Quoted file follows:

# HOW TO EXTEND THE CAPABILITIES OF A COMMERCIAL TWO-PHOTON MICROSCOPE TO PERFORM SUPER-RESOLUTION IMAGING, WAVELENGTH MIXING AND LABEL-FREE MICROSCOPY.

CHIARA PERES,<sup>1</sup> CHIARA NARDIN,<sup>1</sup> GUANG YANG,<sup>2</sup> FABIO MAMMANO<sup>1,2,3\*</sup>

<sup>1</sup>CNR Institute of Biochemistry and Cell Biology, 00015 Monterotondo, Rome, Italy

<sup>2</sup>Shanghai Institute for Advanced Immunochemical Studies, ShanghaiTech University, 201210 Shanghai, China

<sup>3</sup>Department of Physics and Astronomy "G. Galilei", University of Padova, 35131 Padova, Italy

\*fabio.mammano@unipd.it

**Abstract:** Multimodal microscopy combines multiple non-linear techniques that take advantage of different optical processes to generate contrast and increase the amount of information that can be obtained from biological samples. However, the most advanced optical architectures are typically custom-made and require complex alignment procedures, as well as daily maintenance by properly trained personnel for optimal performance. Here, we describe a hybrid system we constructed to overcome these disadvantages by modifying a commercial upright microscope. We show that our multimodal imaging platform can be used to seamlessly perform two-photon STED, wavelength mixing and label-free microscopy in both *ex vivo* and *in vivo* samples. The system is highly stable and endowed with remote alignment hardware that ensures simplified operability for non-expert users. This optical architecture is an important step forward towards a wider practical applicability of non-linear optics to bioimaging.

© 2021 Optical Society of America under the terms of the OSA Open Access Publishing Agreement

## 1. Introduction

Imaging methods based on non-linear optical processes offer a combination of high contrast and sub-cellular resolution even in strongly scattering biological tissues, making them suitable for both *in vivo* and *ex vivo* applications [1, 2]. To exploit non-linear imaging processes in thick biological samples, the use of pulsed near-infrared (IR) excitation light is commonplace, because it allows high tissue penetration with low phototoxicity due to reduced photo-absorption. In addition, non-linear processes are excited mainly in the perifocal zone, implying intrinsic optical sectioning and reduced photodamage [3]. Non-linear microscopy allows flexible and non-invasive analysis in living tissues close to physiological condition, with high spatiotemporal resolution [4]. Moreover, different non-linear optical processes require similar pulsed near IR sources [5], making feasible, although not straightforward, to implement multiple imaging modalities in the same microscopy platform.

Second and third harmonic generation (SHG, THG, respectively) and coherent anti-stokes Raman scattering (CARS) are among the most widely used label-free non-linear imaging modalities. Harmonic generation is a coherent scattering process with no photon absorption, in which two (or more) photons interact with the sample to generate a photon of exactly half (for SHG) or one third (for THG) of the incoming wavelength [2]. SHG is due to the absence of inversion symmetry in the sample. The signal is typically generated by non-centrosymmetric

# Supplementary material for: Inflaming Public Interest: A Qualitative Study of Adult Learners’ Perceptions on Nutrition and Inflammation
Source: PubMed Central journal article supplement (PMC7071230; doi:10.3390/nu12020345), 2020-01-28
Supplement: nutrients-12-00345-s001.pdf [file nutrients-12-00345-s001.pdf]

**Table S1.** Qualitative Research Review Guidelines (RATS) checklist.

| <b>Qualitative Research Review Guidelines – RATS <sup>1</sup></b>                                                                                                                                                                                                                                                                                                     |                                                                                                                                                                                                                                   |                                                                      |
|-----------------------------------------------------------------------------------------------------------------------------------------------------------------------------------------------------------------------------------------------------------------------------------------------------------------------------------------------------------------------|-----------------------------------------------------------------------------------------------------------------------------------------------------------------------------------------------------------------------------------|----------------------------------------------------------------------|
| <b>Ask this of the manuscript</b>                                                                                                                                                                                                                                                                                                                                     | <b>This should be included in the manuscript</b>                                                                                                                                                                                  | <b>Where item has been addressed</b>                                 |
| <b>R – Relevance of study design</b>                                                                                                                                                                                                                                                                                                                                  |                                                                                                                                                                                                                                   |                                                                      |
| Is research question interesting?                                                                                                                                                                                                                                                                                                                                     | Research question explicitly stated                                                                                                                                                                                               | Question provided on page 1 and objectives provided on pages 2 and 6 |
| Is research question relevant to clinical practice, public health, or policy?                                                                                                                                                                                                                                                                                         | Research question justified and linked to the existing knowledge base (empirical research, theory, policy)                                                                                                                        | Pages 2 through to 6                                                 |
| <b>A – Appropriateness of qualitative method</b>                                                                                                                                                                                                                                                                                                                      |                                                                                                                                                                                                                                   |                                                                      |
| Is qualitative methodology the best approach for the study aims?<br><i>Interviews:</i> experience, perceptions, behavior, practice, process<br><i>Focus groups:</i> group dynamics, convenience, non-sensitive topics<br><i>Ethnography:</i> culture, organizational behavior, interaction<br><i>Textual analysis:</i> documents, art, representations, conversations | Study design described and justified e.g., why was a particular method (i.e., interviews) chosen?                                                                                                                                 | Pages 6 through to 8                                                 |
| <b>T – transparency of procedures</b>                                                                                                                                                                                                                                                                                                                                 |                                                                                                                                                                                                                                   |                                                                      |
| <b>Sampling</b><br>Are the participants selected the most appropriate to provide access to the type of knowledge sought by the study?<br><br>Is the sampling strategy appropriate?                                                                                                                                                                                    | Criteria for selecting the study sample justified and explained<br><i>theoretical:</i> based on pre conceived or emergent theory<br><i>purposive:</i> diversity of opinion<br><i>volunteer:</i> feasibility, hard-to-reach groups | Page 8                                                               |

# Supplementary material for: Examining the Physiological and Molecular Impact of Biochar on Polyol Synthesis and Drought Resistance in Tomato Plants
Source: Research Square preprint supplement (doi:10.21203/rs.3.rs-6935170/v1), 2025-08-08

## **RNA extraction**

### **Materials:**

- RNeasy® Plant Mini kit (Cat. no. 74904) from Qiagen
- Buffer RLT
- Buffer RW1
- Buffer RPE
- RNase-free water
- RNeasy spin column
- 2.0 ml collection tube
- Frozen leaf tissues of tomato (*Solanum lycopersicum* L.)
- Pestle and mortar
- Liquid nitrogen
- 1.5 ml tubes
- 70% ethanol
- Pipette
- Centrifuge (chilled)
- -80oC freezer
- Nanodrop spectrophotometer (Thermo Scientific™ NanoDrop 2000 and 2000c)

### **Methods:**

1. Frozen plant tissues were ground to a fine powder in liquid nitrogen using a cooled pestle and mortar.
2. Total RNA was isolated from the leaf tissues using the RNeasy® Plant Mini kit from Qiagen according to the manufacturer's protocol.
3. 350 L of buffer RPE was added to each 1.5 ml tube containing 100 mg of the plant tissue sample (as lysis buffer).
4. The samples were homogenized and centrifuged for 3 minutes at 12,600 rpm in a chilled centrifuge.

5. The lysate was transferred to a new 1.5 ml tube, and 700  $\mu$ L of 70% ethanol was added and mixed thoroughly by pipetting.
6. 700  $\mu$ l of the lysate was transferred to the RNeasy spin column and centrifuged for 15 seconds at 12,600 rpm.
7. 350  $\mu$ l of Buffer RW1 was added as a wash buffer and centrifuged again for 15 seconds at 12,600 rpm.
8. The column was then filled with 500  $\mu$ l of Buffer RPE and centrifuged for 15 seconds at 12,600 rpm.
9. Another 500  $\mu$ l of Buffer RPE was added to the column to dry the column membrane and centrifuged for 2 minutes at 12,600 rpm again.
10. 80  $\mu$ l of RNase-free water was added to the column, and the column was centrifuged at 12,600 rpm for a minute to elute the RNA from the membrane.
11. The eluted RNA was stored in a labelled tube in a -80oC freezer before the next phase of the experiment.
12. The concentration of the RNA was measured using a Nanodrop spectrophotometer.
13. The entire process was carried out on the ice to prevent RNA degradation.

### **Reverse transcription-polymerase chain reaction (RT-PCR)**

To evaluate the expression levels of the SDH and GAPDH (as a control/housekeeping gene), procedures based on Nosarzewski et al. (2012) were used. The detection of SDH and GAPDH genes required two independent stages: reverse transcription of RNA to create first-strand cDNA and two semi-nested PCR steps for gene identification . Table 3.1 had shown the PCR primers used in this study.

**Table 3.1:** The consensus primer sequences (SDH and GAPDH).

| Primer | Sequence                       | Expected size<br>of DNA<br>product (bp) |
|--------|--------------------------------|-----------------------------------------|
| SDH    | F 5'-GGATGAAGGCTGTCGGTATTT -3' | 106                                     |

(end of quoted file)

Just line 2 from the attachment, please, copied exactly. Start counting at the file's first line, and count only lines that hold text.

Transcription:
CHIARA PERES,<sup>1</sup> CHIARA NARDIN,<sup>1</sup> GUANG YANG,<sup>2</sup> FABIO MAMMANO<sup>1,2,3\*</sup>